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Home from Brussels, Hill assures Britons EU is close to them

LONDON (Reuters) - European Union policymakers are much more favourable to British interests and ideas than many Britons think, Prime Minister David Cameron’s nominee to the EU executive told an audience from the City of London on Friday.

European Commissioner for Financial Services, Jonathan Hill, speaks during a Thomson Reuters Newsmaker event, London April 17, 2015. REUTERS/Cathal McNaughton

Three weeks before an election in which Cameron has tried to fend off Eurosceptics by promising a referendum on leaving the EU if voters return him to power, Jonathan Hill, EU financial services commissioner, said he had been struck since arriving in Brussels how much common ground there was with London.

Pledging to play a role in overcoming misunderstandings that stem from different traditions in politics and the media on either side of the English Channel, Hill said: “This idea that Britain is isolated in the EU or somehow that British views are eccentric it not what I have found at all.”

“Single markets, free trade, better regulation. Those all sound like quite familiar things in British domestic politics,” he said, listing priorities of the new European Commission under Jean-Claude Juncker, whose appointment Cameron tried to block on the grounds the Luxemburger favoured too much EU regulation.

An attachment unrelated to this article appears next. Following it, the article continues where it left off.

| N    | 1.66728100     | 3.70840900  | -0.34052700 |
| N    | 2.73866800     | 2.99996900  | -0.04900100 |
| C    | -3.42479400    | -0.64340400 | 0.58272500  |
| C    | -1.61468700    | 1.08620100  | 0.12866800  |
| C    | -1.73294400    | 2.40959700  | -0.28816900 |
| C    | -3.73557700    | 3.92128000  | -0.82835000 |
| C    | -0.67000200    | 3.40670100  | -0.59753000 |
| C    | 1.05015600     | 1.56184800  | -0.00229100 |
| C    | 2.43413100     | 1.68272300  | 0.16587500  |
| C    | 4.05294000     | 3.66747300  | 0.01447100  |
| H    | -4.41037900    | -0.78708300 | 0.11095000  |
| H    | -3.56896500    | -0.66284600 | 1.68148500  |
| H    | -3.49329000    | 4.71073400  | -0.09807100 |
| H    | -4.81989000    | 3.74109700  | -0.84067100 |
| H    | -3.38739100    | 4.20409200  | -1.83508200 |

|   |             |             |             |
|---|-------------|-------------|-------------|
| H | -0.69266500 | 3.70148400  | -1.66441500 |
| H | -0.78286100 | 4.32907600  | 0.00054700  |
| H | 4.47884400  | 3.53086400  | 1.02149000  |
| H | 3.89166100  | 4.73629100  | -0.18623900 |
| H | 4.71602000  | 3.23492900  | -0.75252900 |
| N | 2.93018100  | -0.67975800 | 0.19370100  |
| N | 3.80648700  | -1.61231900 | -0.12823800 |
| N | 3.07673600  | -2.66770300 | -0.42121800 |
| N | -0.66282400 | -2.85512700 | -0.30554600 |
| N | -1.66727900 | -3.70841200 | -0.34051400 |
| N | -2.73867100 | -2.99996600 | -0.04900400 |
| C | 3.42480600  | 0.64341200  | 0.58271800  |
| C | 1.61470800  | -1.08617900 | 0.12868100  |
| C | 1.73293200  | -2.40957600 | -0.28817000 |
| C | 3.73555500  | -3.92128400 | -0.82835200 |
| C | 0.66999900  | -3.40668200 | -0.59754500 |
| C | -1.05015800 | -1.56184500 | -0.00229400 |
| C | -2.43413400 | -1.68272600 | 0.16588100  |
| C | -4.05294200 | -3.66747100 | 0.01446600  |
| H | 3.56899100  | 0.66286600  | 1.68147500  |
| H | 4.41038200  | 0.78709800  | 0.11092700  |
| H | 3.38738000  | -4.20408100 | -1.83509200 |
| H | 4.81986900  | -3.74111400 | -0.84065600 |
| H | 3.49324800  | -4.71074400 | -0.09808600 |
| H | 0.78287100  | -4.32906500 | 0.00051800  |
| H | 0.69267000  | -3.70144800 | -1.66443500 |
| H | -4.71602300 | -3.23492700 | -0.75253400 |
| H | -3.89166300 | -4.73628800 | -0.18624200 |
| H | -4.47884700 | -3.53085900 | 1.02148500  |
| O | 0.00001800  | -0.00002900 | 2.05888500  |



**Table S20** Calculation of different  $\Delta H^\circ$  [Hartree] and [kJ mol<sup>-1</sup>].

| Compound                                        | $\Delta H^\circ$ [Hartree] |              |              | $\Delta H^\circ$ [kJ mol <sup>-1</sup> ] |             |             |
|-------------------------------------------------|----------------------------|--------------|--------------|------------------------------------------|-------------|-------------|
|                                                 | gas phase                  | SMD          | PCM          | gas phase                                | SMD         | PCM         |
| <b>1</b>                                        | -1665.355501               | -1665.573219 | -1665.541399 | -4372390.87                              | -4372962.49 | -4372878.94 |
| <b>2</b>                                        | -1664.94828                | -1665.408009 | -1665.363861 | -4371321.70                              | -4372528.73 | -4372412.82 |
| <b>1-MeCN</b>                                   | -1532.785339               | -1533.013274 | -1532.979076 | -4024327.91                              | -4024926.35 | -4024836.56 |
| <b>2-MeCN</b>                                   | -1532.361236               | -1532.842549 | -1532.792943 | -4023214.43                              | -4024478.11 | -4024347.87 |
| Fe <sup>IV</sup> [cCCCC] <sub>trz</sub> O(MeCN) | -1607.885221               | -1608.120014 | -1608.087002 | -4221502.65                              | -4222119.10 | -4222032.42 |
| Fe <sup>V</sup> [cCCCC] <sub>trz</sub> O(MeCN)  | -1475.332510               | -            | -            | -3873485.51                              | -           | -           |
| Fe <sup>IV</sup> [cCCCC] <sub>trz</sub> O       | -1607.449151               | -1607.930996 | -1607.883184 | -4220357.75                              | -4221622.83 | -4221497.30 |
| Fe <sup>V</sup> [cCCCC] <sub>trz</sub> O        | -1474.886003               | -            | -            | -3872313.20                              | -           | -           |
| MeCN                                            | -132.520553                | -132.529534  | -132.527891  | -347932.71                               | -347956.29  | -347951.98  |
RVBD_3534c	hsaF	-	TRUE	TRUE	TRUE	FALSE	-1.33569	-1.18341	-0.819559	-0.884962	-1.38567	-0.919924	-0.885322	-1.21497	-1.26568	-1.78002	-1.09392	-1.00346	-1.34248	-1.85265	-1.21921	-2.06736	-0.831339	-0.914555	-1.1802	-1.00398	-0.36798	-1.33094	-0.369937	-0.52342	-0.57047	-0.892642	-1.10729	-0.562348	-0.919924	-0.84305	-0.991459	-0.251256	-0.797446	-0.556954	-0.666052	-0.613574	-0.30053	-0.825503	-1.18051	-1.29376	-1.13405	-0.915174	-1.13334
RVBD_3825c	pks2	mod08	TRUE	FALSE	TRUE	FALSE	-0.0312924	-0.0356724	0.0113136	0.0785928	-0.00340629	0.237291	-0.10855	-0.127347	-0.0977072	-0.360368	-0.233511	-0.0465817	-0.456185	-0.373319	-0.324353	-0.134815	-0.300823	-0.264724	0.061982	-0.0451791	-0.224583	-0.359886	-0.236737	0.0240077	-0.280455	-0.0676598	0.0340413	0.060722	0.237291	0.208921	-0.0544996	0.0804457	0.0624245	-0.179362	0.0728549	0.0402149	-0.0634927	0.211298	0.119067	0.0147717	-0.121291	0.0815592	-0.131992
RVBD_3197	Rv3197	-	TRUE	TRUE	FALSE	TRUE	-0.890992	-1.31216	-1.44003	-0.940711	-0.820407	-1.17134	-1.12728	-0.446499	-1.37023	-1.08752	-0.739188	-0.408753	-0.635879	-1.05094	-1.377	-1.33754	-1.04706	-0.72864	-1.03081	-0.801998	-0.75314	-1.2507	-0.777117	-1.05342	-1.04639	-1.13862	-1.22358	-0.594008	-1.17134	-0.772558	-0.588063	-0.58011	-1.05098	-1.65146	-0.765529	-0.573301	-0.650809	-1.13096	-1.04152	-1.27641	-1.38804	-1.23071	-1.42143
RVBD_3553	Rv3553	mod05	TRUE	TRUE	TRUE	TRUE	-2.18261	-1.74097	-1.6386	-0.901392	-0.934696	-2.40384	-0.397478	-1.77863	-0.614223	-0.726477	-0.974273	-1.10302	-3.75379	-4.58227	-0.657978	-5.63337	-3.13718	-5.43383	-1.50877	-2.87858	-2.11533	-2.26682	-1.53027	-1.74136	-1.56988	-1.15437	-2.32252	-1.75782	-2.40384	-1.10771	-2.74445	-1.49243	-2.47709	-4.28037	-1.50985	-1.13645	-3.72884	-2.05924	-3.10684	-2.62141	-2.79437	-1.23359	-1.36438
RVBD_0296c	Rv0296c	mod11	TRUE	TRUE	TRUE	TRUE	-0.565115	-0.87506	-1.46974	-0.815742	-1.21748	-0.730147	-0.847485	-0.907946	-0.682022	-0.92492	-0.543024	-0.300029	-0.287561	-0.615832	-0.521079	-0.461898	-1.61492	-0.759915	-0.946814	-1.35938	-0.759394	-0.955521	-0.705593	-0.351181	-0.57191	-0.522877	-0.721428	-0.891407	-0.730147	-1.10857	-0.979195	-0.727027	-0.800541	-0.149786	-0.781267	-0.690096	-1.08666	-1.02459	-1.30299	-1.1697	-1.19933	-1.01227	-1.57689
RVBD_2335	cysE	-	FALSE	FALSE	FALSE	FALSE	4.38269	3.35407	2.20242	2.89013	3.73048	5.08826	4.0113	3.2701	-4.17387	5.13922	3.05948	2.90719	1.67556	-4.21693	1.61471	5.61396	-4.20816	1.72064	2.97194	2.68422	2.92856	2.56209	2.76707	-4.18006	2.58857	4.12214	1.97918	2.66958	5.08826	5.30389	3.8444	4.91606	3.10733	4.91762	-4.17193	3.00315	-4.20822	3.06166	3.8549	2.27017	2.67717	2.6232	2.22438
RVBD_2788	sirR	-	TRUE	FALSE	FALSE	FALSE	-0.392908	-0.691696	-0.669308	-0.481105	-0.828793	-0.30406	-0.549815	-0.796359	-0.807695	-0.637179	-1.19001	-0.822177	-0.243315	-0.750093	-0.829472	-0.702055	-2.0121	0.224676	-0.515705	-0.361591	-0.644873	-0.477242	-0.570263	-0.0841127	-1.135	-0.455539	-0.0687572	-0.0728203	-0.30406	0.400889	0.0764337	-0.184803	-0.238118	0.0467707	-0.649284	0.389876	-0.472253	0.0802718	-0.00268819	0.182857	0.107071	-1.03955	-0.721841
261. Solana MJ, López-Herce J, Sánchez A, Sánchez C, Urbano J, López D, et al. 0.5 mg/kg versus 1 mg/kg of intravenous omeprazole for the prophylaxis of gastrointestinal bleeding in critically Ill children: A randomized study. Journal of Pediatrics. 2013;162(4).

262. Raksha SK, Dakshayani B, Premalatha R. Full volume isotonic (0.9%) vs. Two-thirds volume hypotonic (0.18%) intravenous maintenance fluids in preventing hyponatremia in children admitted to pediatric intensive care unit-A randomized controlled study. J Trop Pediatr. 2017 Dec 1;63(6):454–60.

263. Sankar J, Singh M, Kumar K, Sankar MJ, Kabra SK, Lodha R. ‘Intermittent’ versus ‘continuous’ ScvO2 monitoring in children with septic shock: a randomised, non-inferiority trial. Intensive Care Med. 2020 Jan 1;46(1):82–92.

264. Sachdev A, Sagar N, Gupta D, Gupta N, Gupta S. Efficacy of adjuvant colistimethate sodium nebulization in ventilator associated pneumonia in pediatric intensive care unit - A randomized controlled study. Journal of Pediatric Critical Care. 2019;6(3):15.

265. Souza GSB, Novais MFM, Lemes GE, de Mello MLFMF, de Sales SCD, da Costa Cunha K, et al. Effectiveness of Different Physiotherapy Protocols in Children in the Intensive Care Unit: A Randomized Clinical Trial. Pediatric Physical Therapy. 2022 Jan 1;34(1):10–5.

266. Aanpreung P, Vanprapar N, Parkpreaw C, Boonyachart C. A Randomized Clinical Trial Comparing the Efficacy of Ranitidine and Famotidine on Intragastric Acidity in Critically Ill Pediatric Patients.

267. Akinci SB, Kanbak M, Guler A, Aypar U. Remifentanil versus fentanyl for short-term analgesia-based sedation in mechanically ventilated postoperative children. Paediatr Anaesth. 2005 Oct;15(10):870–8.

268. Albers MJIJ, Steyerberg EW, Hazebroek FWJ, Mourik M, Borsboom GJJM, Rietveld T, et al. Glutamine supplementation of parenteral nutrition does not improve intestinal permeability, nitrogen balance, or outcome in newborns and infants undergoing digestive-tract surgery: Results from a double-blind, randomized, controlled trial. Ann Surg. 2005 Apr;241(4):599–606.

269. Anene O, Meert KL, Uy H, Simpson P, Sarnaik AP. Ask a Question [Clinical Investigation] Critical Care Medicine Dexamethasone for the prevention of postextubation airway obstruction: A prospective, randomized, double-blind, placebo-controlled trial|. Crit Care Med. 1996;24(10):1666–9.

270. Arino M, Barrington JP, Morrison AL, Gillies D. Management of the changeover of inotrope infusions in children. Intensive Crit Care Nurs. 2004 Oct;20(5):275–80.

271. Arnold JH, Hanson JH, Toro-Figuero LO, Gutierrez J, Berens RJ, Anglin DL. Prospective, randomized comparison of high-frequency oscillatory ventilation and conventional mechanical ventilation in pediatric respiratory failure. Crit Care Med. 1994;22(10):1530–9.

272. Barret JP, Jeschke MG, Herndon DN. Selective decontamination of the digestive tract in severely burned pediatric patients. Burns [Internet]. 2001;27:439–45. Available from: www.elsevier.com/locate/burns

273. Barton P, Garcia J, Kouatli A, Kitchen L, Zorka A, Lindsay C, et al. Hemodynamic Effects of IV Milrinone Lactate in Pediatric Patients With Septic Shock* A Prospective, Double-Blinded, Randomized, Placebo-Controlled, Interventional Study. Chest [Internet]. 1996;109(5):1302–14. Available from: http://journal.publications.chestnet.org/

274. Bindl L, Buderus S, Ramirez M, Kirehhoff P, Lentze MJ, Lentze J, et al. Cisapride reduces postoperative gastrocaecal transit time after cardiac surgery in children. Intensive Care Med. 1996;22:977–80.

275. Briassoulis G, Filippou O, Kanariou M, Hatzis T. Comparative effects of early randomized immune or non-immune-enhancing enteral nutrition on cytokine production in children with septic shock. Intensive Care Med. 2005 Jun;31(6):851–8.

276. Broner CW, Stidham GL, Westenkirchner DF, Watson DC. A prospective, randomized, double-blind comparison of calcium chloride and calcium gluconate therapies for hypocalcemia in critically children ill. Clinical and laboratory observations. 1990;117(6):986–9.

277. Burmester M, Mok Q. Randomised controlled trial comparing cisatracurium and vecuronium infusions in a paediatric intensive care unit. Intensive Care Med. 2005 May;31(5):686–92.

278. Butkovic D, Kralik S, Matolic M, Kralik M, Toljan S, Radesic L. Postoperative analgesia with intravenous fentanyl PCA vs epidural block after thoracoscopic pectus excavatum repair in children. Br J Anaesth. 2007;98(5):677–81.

“I don’t buy the notion that there is a kind of conflict and I am struck much more by the number of people ... my fellow commissioners by how much similarity of outlook there is.”

Hill took care in his new role on the EU executive not to appear to intervene from Brussels in a campaign in which voters’ hostility to Europe may cost Cameron’s Conservatives seats.

But at a Reuters Newsmaker event for leaders of a financial services industry keen for better access to the EU’s 500 million consumers but exasperated by a surge in regulation after the global crash, Hill sought to counter the view of the anti-EU UK Independence Party that Brussels was hostile to Conservative ideas of free trade and small government.

Whether Cameron will be re-elected on May 7 -- and whether he can form a coalition with partners who would support his promise of an in-out referendum on the EU in 2017 -- is unclear.

But if the referendum project moves ahead, Hill, 54, could play a key backroom role as Cameron seeks changes in EU treaties, notably on free migration inside the bloc, in order to campaign strongly for voters to back staying in.

A former Conservative campaign adviser and public relations executive who was Cameron’s minister for the upper house of parliament until last year, Hill said his priority was to do his job as commissioner to improve the EU capital markets.

“I think it’s true to say there is a role I can play in translating, interpreting Brussels to Britain and Britain to Brussels,” Hill said.

He cited Britain’s blunt and Eurosceptic press as one reason for “misunderstandings”, with European leaders often offended by what they saw as mischievous coverage of their affairs by titles, some owned by global magnates such as Rupert Murdoch, which revel in unflattering national stereotypes.

“In the EU a good compromise is about the highest accolade because it’s hard to achieve. In the UK in politics, compromise?” he said, mimicking in gesture the distaste with which coalition and consensus-building are viewed by many British commentators used to a tradition of prime ministers wielding sweeping personal power.

Editing by Alison Williams